Reflex sympathetic dystrophy (RSD) is a debilitating and recalcitrant condition that has bewildered the medical community for decades. This article briefly reviews the pathophysiology of RSD and describes the clinical presentation and management of patients suffering from RSD. The case study describes the clinical and electrodiagnostic findings of a patient with RSD following arthroscopic surgery on the knee. The medical and physical interventions rendered in this case are described.
Elizaveta Kon, Matej Drobnic, Phil A. Davidson, Andrew Levy, Ken Zaslav and Dror Robinson
Osteochondral defects are often symptomatic and lead to deranged joint function. The spontaneous healing capacity of osteochondral defects is limited. In this case study, use of an acellular scaffold capable of induction of mesenchymal stem-cell migration is described. This scaffold was used on an Outerbridge grade IV medical condylar defect measuring ~2 cm2. At 24 mo follow-up, the articular surface appeared restored by MRI, and the patient returned to sports.
Thomas D. Brown
Numerical approximation of the solutions to continuum mechanics boundary value problems, by means of finite element analysis, has proven to be of incalculable benefit to the field of musculoskeletal biomechanics. This article briefly outlines the conceptual basis of finite element analysis and discusses a number of the key technical considerations involved, specifically from the standpoint of effective modeling of musculoskeletal structures. The process of conceiving, developing, validating, parametrically exercising, and interpreting the results of musculoskeletal finite element models is described. Pertinent case study examples are presented from two series of finite element models, one involving total hip implant dislocation and the other involving femoral head osteonecrosis.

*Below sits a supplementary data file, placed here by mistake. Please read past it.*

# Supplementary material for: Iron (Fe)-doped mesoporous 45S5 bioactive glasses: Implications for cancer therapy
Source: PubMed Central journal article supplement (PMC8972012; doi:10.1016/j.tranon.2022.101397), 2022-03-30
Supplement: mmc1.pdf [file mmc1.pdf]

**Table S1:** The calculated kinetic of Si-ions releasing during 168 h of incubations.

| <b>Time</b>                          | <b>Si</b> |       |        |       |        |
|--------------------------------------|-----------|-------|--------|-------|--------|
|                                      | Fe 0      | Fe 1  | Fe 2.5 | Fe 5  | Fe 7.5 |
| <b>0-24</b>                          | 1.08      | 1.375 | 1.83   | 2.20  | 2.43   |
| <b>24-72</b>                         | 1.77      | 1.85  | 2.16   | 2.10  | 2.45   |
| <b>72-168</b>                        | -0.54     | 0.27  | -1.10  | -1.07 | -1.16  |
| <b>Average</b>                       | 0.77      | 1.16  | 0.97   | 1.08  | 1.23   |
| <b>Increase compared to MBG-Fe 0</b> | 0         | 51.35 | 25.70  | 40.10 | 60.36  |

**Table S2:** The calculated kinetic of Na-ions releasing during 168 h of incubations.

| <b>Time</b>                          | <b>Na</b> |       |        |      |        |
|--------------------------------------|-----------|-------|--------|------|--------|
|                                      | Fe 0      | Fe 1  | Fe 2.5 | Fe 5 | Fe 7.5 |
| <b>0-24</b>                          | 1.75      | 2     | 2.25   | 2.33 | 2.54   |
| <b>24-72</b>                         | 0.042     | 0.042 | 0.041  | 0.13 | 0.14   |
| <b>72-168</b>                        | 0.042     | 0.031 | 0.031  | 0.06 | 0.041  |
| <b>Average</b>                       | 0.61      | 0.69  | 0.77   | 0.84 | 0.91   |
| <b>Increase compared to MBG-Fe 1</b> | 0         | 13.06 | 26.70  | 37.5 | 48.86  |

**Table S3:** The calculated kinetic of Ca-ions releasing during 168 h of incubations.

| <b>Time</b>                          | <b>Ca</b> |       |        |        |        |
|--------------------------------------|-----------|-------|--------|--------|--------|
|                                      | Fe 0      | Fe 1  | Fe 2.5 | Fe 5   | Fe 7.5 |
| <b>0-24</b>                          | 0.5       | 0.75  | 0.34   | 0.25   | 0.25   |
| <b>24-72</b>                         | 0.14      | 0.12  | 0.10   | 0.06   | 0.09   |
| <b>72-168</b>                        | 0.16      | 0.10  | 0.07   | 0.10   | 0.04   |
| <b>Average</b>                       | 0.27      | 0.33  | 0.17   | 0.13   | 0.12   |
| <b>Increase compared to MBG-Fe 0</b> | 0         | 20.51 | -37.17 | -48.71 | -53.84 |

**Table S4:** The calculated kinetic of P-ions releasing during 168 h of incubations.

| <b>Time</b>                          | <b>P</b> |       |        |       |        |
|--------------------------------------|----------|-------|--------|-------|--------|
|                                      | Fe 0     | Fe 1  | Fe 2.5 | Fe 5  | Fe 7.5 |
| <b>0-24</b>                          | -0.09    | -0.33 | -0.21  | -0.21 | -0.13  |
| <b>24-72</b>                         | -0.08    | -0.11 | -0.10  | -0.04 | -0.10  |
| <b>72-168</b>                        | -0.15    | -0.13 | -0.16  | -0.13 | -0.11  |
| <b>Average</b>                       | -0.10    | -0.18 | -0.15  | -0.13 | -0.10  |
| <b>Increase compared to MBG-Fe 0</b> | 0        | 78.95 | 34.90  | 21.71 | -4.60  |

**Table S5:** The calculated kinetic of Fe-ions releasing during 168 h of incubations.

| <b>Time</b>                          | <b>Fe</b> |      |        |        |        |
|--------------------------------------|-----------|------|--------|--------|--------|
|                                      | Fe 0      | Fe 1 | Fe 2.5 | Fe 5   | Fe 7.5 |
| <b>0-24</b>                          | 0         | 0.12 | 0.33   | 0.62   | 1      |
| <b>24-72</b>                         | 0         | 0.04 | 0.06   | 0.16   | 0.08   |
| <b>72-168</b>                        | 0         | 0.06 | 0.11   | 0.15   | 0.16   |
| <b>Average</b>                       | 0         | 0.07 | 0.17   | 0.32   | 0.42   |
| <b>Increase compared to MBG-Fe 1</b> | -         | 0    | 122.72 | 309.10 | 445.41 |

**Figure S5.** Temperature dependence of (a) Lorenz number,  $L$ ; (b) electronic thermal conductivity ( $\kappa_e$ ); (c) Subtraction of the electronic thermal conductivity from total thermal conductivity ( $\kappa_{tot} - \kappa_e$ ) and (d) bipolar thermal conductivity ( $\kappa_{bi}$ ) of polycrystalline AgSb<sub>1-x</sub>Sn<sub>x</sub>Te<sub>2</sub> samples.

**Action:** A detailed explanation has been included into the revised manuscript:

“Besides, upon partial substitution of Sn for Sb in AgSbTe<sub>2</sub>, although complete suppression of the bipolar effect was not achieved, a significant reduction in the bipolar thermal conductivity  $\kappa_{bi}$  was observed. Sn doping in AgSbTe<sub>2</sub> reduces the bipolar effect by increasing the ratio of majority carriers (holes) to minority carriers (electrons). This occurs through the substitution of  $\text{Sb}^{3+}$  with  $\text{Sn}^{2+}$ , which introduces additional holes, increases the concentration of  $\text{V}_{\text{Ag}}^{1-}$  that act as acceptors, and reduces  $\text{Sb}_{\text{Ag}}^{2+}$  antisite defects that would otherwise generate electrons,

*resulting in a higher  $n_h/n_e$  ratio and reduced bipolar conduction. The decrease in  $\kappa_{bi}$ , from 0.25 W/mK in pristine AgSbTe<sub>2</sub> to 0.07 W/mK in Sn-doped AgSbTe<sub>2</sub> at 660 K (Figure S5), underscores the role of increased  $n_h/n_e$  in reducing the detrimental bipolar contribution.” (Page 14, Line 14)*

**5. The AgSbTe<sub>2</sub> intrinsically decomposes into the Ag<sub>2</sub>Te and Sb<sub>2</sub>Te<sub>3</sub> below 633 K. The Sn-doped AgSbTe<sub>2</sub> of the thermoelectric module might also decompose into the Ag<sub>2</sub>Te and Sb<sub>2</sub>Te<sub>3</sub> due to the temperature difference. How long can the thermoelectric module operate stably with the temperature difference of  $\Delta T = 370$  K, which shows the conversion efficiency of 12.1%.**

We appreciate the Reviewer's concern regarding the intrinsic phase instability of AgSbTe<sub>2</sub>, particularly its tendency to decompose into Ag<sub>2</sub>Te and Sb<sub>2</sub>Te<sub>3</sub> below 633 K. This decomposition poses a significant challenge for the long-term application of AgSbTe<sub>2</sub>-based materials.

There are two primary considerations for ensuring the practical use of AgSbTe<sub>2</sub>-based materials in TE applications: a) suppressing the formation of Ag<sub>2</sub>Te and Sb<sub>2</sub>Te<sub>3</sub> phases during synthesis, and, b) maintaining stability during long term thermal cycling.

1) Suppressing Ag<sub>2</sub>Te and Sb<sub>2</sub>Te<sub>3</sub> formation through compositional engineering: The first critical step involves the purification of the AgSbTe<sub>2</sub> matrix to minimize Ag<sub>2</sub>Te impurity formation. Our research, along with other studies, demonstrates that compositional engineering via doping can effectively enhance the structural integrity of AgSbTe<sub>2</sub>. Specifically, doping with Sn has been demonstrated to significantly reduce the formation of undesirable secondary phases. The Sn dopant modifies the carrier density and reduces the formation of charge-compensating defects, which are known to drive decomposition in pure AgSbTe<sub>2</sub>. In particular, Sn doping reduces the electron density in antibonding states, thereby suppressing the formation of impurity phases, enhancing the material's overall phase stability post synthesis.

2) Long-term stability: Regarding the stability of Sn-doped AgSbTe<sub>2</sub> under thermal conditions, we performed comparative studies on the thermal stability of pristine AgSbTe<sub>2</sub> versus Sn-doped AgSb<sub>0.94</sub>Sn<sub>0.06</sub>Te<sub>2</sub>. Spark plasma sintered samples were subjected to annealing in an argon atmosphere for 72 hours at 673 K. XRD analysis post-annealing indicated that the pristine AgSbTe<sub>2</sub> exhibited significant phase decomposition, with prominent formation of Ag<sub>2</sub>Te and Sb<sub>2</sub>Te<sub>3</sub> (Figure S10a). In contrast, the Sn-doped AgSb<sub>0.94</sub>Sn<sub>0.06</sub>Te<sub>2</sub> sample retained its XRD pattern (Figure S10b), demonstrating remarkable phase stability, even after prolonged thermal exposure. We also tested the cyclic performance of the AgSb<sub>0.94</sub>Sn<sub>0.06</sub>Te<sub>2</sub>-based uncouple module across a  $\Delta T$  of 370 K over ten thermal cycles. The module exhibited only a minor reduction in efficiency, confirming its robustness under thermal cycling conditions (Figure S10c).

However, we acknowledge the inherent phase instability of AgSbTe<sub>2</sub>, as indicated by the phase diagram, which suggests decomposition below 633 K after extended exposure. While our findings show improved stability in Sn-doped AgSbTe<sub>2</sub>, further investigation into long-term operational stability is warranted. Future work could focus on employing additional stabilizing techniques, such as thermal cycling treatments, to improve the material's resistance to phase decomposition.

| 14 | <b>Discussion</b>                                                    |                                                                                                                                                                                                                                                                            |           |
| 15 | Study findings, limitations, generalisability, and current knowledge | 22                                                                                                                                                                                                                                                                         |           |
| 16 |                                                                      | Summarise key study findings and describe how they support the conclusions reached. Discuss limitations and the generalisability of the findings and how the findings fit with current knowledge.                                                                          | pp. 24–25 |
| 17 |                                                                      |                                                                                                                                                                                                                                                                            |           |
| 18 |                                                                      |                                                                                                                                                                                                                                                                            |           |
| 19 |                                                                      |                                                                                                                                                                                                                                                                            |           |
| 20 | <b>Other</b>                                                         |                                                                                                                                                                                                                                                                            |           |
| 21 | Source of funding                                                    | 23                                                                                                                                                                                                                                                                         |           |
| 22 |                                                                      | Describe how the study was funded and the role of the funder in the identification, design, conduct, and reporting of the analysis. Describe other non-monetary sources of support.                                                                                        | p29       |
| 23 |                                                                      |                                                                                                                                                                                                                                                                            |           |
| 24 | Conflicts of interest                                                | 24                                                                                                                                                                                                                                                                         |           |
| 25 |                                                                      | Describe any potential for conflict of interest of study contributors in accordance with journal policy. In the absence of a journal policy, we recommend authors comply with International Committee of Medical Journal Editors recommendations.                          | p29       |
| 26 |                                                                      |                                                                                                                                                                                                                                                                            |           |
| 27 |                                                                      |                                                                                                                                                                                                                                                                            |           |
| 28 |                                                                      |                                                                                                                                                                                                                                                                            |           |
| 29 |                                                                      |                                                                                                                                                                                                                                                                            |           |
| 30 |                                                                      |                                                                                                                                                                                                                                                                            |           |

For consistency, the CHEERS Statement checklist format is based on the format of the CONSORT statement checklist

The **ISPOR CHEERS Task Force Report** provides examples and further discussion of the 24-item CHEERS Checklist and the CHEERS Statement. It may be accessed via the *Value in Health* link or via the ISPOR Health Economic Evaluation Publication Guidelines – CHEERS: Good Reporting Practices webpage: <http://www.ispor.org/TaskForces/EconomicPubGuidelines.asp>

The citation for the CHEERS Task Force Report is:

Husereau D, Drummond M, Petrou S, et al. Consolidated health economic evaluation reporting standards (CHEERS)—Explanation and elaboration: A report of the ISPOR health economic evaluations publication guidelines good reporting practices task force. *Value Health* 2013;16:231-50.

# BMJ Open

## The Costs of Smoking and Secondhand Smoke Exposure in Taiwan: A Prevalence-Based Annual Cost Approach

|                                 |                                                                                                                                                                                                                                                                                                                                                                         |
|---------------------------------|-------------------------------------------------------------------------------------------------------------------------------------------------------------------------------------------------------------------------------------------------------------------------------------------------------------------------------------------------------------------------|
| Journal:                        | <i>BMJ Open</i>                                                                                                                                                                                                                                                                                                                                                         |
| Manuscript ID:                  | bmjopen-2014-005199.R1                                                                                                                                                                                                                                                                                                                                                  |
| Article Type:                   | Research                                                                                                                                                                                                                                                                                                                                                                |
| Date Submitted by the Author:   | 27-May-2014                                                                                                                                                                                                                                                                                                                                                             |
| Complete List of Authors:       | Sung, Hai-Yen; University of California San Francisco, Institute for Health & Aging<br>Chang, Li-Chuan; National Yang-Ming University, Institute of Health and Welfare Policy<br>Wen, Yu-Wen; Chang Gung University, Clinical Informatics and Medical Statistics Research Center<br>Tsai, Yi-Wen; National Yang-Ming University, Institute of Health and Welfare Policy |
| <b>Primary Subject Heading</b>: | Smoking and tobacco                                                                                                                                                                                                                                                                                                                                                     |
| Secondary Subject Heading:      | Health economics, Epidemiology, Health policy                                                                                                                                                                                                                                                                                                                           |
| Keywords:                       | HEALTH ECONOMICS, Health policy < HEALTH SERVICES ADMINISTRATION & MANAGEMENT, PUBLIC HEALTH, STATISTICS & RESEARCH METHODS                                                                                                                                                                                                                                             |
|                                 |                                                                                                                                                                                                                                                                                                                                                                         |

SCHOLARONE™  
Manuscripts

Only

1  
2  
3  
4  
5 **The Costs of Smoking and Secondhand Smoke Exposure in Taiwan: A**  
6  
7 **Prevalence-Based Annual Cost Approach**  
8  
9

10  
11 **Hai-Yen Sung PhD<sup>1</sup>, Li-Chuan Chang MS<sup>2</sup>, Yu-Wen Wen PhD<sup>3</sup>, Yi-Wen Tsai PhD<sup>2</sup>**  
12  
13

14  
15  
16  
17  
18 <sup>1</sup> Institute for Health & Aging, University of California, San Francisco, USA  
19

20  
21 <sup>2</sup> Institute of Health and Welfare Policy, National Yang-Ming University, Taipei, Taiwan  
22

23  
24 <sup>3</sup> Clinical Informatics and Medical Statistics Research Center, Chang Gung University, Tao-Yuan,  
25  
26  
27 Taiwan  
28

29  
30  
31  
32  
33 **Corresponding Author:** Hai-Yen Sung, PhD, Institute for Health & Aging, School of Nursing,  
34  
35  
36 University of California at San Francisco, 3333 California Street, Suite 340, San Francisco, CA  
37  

Danny Pincivero, Joe H. Gieck and Ethan N. Saliba
A treatment and rehabilitation protocol was implemented on a university football player sustaining a second-degree lateral ankle sprain. The initial treatment plan involved the application of the RICE principle (rest, ice, compression, and elevation). This particular rehabilitation protocol was aimed at restoring range of motion and function at the earliest possible time with the use of a cryokinetic technique developed by Knight and with progressive exercise. The subject in this case study returned to full participation 6 days postinjury. The results from this report indicate that a program of cryokinetics and functional progressive exercise performed within pain-free limits can greatly enhance the return of an athlete to competition.
Rick W. Wilson
Suprascapular nerve palsy has been frequently reported in athletes, particularly baseball pitchers, volleyball players, and weight lifters, but it is easily overlooked during the evaluation of shoulder pain. Entrapment of the suprascapular nerve is usually suspected only after atrophy is noted. The presence of painless weakness of the external rotator muscles should alert the clinician to the presence of nerve damage, which can be confirmed by electromyography. This case study demonstrates the usefulness of isokinetic testing and magnetic resonance imaging in identifying cystic lesions causing neuropathy among athletes who have failed conservative treatment for shoulder pain.
David J. Pezzullo
Plantar fasciitis is one of the most common foot injuries athletes sustain. The painful heel is the result of overloading and inflammation of the plantar fascia at its insertion into the medial process of the tuberosity of the calcaneus. Many different treatment approaches have been used to address this overuse problem. Treatment for plantar fasciitis has included decreased weight bearing, nonsteroidal anti-inflammatory drugs (NSAIDs), orthotics, arch taping, weight loss, steroid injections, ultrasound, ice, physical therapy, and surgical release. Clinically the use of night splints has been found to be very successful in the treatment of plantar fasciitis, as described in this case study.
Andrew L. McDonough and Joseph P. Weir